While we’re still caught up in winter, and before the days get too much lighter, it’s one of the best times of the year to get stuck into the music of Belgian composer Pepijn Caudron, better known as Kreng. He came to my attention around six years ago, when Works for Abattoir Fermé 2007 – 2011 was released, a staggering 3-hour epic box set compiling his work for the eponymous surrealist theatrical troupe. It subsequently became my best album of 2012, and led me to investigate his earlier work, including a pair of EPs dating from the same time Caudron began working with Abattoir Fermé, both of which were released as free downloads.
The Pleiades EP (originally subtitled ‘a.k.a. The Seven Sisters’) was originally released on the Dutch netlabel Fant00m in 2007. Its seven tracks occupy an electroacoustic soundworld similar to that permeating the box set, arranging its collection of recorded elements into a black ambient environment with a distinct air of theatricality. Their recurring rhythmic patterns – sometimes manifested as clear-cut beats, elsewhere more elusive cycles and repetitions – and the music’s claustrophobic monochromaticism bring to mind the better work of Demdike Stare, though Kreng is less concerned with conjuring up a past aesthetic – still less presenting an ersatz rendition of it – than with creating a contemporary habitat that feels aesthetically distant yet familiar, seemingly remote yet chokingly close. The careful deployment of short sampled sounds is also redolent of early John Wall, particularly third track ‘Asterope’, a short but evocative piece combining a bassline with skittery strings, vinyl crackle and a distant noodling piano, which together project something with more than a whiff of doomjazz.
It subsequently dives into more demonstratively unsettling territory. ‘Maia’ is a beautifully focused slice of ritual – fronted by the repeated whisperings of a child, “go to sleep, go to sleep…” – the cyclings of which becomes laden with tambourines, making it feel like a private act of malevolent worship. Along the way it keeps striking against pointed accents that don’t so much rupture the music as punctuate it, acting like stylised liturgical pauses. It’s deeply immersive, and uncannily sounds as though it dates from a long time hence. ‘Taygeta’ is the highlight of the EP, bringing together the bleeps and mechanical noises of medical equipment with a string quartet motif and a quiet plinky-plonk idea. This is all creepy enough, but after a brief ominous moment of repose it resumes with wavering theremin melodies now in the foreground, making for a mesmerising, hypnotic effect, like the accompaniment for a scene in a Hammer horror movie, underscoring the preparations for something dark and terrifying. ‘Celeano’ also deserves a mention, founded over a slow beat and becoming a cross between a shuffling tenebral dance and a brooding (post-)apocalyptic cortège, seemingly taking place within a hermetically-sealed space (in the process drawing similarities to the Mount Fuji Doomjazz Corporation).
Zomer was released the following year, again on Fant00m, and as the title implies (being Dutch for summer), its soundworld is nowhere near as oppressive. Again created from the juxtaposition of cycling found sound elements, there’s a pronounced lightness, even a playfulness, running throughout many of the tracks on this EP. ‘Grappa’ and ‘Jaloers’ are prime examples of this, based on guitar loops that, although coloured with some contextually strange saxophone squawks (here sounding akin to animal sounds), remain defiantly jaunty and upbeat. ‘Paris’ is a nicely convoluted evocation of several different pasts simultaneously, channeling the rich, romanticised but faded colours of the 60s and 70s in conjunction with 90s beat patterns, to make something theoretically equal parts pop and easy listening, yet in practice something that transcends both. ‘Pover’ functions similarly, placing a brooding Chopin piano prelude amidst energetic drums that almost drown it out, resulting in an ephemeral but tense air of underlying conflict.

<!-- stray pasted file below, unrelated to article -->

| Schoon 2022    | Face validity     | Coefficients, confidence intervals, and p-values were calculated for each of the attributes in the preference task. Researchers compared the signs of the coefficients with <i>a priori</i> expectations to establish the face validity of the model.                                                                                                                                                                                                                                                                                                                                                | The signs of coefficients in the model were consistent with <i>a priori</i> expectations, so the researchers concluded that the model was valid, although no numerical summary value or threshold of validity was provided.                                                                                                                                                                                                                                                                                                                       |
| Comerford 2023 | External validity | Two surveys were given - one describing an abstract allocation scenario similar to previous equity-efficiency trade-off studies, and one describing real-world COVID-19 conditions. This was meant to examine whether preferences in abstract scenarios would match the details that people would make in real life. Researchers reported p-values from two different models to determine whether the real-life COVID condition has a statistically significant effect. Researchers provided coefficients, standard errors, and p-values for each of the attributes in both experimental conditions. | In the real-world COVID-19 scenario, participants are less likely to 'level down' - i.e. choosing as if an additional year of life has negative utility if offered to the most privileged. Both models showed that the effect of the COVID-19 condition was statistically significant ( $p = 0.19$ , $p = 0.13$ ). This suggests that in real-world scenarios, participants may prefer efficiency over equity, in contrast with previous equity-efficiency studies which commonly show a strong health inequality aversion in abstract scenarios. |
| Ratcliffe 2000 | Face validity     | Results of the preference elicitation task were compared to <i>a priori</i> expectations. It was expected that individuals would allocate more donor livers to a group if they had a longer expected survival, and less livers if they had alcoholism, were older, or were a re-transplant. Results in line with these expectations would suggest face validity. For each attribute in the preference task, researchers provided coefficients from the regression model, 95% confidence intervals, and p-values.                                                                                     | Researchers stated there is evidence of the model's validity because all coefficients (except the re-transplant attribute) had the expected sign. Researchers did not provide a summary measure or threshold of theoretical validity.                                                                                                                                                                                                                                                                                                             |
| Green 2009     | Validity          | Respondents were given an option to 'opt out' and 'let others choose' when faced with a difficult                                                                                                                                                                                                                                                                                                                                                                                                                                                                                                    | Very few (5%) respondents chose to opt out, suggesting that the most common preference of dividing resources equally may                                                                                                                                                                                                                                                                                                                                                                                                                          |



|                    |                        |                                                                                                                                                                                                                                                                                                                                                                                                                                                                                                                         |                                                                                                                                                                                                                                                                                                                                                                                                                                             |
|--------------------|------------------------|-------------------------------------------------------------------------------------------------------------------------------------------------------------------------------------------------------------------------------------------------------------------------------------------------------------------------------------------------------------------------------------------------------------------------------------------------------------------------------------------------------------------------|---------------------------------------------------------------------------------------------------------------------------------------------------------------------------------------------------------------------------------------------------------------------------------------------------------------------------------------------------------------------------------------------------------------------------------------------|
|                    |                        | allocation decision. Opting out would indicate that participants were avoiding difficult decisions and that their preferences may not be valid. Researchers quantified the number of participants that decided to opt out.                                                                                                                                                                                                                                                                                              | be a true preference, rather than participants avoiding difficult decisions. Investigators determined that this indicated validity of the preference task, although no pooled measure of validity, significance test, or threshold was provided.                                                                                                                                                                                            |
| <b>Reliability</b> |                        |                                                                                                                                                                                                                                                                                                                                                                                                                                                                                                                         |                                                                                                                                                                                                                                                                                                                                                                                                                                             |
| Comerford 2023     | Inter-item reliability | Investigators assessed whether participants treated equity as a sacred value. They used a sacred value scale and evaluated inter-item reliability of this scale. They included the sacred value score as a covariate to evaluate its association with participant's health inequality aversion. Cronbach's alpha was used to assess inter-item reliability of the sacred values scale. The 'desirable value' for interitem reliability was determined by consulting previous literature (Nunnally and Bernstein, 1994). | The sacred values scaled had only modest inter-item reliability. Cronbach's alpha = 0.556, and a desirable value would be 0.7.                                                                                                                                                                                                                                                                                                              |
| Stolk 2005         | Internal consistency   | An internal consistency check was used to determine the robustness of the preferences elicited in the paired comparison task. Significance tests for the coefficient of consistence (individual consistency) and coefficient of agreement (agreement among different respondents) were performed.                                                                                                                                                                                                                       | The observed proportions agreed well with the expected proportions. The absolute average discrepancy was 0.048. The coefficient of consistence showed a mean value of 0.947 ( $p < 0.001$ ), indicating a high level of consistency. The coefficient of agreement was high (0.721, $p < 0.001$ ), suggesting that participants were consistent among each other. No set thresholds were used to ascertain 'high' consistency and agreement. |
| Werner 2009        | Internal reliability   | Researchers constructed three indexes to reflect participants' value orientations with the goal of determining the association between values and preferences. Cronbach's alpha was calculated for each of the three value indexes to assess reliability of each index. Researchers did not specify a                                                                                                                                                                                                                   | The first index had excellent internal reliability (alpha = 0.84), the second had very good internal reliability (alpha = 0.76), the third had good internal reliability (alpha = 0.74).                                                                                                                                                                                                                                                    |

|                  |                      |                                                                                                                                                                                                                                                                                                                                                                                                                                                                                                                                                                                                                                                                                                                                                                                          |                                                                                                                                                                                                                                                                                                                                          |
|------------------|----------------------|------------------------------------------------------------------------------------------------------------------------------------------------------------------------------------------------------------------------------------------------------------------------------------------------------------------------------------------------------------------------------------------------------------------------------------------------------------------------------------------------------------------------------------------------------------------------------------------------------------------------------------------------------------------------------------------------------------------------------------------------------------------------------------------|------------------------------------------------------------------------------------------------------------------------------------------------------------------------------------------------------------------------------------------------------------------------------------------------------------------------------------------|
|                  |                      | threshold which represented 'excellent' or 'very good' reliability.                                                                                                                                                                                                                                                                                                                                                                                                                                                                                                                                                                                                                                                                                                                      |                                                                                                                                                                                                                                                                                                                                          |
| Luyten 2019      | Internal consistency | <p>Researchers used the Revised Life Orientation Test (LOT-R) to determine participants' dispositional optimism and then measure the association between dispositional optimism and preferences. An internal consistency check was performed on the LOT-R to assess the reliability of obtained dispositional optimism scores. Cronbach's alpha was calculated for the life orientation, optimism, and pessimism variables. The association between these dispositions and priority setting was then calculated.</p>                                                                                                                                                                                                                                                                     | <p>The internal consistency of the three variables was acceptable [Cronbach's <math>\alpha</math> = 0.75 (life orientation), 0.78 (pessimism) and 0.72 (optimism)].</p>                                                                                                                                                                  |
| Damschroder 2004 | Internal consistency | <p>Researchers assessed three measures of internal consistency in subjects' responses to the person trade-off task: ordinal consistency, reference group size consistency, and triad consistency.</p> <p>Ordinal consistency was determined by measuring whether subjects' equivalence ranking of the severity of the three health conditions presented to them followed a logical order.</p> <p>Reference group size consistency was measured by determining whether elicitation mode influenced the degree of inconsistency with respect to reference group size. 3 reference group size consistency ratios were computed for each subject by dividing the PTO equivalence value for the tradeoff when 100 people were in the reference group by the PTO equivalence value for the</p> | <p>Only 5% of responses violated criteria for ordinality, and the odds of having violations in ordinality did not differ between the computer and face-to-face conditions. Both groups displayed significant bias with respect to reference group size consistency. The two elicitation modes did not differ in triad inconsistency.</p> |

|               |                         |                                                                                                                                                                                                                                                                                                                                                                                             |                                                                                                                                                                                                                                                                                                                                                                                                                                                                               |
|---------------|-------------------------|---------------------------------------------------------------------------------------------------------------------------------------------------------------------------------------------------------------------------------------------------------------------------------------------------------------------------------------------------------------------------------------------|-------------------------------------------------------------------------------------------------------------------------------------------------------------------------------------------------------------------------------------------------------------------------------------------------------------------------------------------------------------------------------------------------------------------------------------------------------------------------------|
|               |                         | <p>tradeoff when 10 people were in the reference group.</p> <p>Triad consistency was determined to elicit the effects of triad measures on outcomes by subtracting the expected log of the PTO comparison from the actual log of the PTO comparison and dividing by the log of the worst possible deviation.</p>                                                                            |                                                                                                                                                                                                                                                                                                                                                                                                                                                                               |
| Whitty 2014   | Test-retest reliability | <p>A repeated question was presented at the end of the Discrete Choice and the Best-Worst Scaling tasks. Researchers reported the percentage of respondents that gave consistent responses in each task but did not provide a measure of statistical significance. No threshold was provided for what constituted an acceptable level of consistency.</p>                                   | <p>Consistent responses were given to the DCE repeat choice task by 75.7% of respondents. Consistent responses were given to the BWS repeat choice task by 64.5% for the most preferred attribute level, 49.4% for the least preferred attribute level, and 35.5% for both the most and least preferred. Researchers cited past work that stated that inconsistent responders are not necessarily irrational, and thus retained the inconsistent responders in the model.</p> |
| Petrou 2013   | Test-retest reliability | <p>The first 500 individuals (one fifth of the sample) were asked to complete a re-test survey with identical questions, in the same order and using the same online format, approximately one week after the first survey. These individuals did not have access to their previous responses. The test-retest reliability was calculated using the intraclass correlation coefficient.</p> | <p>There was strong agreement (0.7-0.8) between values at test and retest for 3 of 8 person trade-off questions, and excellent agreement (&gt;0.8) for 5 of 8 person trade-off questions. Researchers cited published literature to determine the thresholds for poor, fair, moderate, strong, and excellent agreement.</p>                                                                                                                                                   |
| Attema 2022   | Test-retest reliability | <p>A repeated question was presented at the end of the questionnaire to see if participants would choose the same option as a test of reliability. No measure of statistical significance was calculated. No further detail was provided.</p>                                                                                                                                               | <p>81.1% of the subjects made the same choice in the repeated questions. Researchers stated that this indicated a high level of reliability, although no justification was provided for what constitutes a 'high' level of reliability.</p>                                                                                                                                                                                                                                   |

The one track that approaches closest to what we might call the now ‘classic’ Kreng soundworld is ‘Kamer’, which provides a much more suitable environment for the machinations of the saxophone than ‘Grappa’ or ‘Jaloers’, here placing them within a soft, dronal world with gentle improvised drum and piano elements, enabling and supporting the instrument such that it can let loose wildly elaborate solos. Everything remains rooted in place though, held in check by the omnipresent drone, the track’s latter half again drawing strong comparisons with John Wall, though confusingly crossed with just a touch of Vangelis(!). In hindsight, Zomer seems like something of an oddity within Kreng’s overall output, but it clarifies further Caudron’s compositional techniques of working with layers and loops, and what it (deliberately) lacks in black concentration it certainly makes up for in sun-filled vivacity.
Neither of these EPs has ever been issued in a lossless version, so at present lossy is the only option. Fant00m, the label that originally released them, no longer exists, but both EPs were reissued by another Dutch label, Humanworkshop, a few years later. In the case of the Pleiades EP, Humanworkshop’s download is pretty low bitrate (between 128 and 192Kbps), but there’s a higher quality (256Kbps) version available from the Free Music Archive. However, don’t be tempted by their download of Zomer as its bitrate is woeful (64Kbps!!); Humanworkshop’s version (192Kbps) therefore remains the best option (NB. track 1, ‘Daver’, is erroneously tagged as track 10). And if these EPs whet your appetite, i would recommend taking the leap into Kreng’s wondrous box set Works for Abattoir Fermé 2007 – 2011, which may well prove to be one of the most unnerving musical encounters you’ll ever experience.